2 years ago

Create a Jenkins build status light

Jenkins is a great tool to monitor code quality. For greater visibility of the build status, you can build an awesome tower light that uses it

Imagine being able to show the status of your Jenkins projects to anyone in the same room without the hassle of logging in to the dashboard. With some LEDs, a few other cheap components, and some soldering skills, you can complete this project. You can take it to the next level, however, by using an industrial tower light instead of regular LEDs. Employing an existing API, you can retrieve almost any data from Jenkins and get a nice visual indicator of the status of your project.

You’ll need

IRLB8721 MOSFETs

220-ohm resistors

12V DC tower light

12V power supply and jack

12V to USB converter

Perma-Proto HAT

Micro-USB to Ethernet adaptor

Miscellaneous other parts

STEP-01 Make a HAT

First, we need to create the HAT. We used a Perma-Proto board from Adafruit, but you can also use a breadboard if you don’t want a permanent solution. In this version, the following GPIO pins were used, since they best fit the layout:

Pin 18: Red
Pin 23: Buzzer
Pin 24: Yellow
Pin 27: Green

You can use the GPIO output voltage in combination with a MOSFET and a resistor to switch 12V safely to the LEDs. There’s also a 12V to USB converter to power the Raspberry Pi from the barrel jack, and a small power switch.

The fritzing diagram for a breadboard

The fritzing diagram for a breadboard

STEP-02 The Python Jenkins-API

You need to start off with a clean Raspbian Jessie image (not the Lite version) and a Raspberry Pi Zero (make sure to solder the GPIO header pins!). After you have burned the image and completed the basic setup, make sure to set up an internet connection. You can either use a standard WiFi dongle or a micro‑USB to Ethernet adaptor. Once you are ready, proceed with the installation of the Jenkins API. In the terminal window, enter the following command:

STEP-03 Create the Python script

Most of the coding work has already been done for you and is available on GitHub. To get everything you need for this project, clone the project from GitHub on your Raspberry Pi by using the following command in your terminal:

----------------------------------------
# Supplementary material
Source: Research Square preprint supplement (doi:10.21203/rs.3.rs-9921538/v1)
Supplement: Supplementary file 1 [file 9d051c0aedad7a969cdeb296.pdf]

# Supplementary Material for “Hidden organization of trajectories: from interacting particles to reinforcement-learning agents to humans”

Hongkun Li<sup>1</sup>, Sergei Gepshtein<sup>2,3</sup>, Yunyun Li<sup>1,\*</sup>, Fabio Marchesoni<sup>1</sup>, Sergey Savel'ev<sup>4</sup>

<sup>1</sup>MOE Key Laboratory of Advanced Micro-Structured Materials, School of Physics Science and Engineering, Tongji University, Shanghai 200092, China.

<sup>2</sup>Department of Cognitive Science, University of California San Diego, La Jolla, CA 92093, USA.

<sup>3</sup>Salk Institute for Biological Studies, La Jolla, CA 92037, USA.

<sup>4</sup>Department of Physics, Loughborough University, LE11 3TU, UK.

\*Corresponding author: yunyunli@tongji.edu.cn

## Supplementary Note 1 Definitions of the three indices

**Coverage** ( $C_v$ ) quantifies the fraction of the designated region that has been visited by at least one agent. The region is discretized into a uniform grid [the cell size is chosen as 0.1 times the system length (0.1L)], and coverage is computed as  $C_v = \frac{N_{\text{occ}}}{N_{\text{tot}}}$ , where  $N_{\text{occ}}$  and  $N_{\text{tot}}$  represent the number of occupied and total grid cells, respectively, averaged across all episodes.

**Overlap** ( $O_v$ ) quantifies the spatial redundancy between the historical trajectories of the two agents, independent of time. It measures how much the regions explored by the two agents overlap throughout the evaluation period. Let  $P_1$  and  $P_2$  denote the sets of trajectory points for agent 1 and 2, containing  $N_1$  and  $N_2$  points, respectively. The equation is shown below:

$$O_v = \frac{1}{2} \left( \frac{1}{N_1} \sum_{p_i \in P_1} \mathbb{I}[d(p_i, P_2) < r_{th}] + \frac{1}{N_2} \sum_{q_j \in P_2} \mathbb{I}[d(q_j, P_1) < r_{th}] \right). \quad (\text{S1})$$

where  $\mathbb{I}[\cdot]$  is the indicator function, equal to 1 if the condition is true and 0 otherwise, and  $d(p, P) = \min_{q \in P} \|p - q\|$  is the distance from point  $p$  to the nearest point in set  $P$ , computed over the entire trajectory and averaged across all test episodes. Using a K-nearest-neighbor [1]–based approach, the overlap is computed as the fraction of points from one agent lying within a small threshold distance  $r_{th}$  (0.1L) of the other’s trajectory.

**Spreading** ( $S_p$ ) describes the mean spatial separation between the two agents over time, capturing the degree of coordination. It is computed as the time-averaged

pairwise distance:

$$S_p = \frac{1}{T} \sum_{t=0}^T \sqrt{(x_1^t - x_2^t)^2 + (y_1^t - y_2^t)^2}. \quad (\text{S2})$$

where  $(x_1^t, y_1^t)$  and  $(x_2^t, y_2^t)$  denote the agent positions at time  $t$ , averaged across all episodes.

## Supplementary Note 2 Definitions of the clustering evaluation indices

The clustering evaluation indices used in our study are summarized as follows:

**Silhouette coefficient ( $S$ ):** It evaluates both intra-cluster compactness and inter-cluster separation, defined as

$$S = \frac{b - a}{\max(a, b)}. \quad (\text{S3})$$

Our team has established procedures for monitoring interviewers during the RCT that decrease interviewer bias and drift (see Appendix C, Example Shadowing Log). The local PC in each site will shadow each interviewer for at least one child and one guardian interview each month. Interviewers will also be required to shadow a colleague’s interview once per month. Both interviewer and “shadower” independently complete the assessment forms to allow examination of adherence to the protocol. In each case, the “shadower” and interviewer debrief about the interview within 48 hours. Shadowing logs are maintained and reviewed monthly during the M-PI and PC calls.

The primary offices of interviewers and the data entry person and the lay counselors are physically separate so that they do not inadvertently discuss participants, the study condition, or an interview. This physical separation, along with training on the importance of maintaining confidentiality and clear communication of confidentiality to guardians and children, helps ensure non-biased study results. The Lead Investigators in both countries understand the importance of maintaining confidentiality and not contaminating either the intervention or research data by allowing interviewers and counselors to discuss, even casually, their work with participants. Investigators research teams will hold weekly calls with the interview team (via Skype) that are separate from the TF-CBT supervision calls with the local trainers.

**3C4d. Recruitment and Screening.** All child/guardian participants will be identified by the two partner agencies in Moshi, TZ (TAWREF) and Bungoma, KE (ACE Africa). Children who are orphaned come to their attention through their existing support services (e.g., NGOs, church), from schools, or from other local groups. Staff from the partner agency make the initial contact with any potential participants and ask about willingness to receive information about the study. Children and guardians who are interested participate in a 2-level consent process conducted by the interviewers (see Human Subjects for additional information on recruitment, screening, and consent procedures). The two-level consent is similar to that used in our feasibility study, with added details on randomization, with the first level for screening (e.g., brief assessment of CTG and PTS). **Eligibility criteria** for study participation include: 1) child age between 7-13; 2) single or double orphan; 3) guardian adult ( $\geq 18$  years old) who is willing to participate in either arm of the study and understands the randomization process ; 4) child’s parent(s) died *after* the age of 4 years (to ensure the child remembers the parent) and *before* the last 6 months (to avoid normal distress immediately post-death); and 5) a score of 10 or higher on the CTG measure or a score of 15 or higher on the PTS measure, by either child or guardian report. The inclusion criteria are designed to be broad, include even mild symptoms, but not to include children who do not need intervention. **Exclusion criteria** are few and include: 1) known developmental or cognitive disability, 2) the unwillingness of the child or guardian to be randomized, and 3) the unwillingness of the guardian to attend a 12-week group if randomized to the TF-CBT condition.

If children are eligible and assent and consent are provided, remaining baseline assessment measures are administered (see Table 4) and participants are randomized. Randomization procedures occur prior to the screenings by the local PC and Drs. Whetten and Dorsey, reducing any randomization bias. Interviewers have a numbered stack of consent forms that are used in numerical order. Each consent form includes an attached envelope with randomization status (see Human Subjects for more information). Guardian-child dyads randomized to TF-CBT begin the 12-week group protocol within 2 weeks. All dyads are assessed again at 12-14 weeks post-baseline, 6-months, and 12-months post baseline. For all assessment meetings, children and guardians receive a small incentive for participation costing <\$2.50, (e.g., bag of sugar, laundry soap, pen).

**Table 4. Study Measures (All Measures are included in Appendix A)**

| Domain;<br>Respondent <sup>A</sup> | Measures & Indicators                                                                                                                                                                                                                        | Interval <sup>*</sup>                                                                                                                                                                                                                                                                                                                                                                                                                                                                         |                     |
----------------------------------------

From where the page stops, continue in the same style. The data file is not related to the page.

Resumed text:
Make sure to clone the project in a directory where you can easily find it afterwards, such as the home directory. You can use cd [folder]/[name] and cd ../ commands to navigate through folders in your terminal. You can also download a ZIP file of the source code from the versions page.

STEP-04 Configure the code

Now we have cloned the project, we’ll browse into the directory to configure the Python script. Copy the default configuration file default-config.py and rename it to config.py. You can use the command cp default-config.py config.py to do this all in one go. After you have copied the file, edit it with your favorite text editor; we like to use nano, so in this case we’d issue the command nano settings.py. Now change the default configuration lines so it contains your credentials, job name(s), and correct GPIO pins according to your situation. If you have only one job, make sure the jobs parameter remains an array with one item inside.

STEP-05 Auto-run on boot

Since we’re working on a permanent solution, we want to ensure that our script launches immediately on boot. We can edit our rc.local file to launch the script when the Raspberry Pi is booted up. Edit your rc.local file with sudo nano/etc/rc.local and add the following line to direct the script to auto-start upon boot:

Reboot your Pi and you should be good to go! For maintenance, you can always SSH into the Raspberry Pi in the future.

Code listing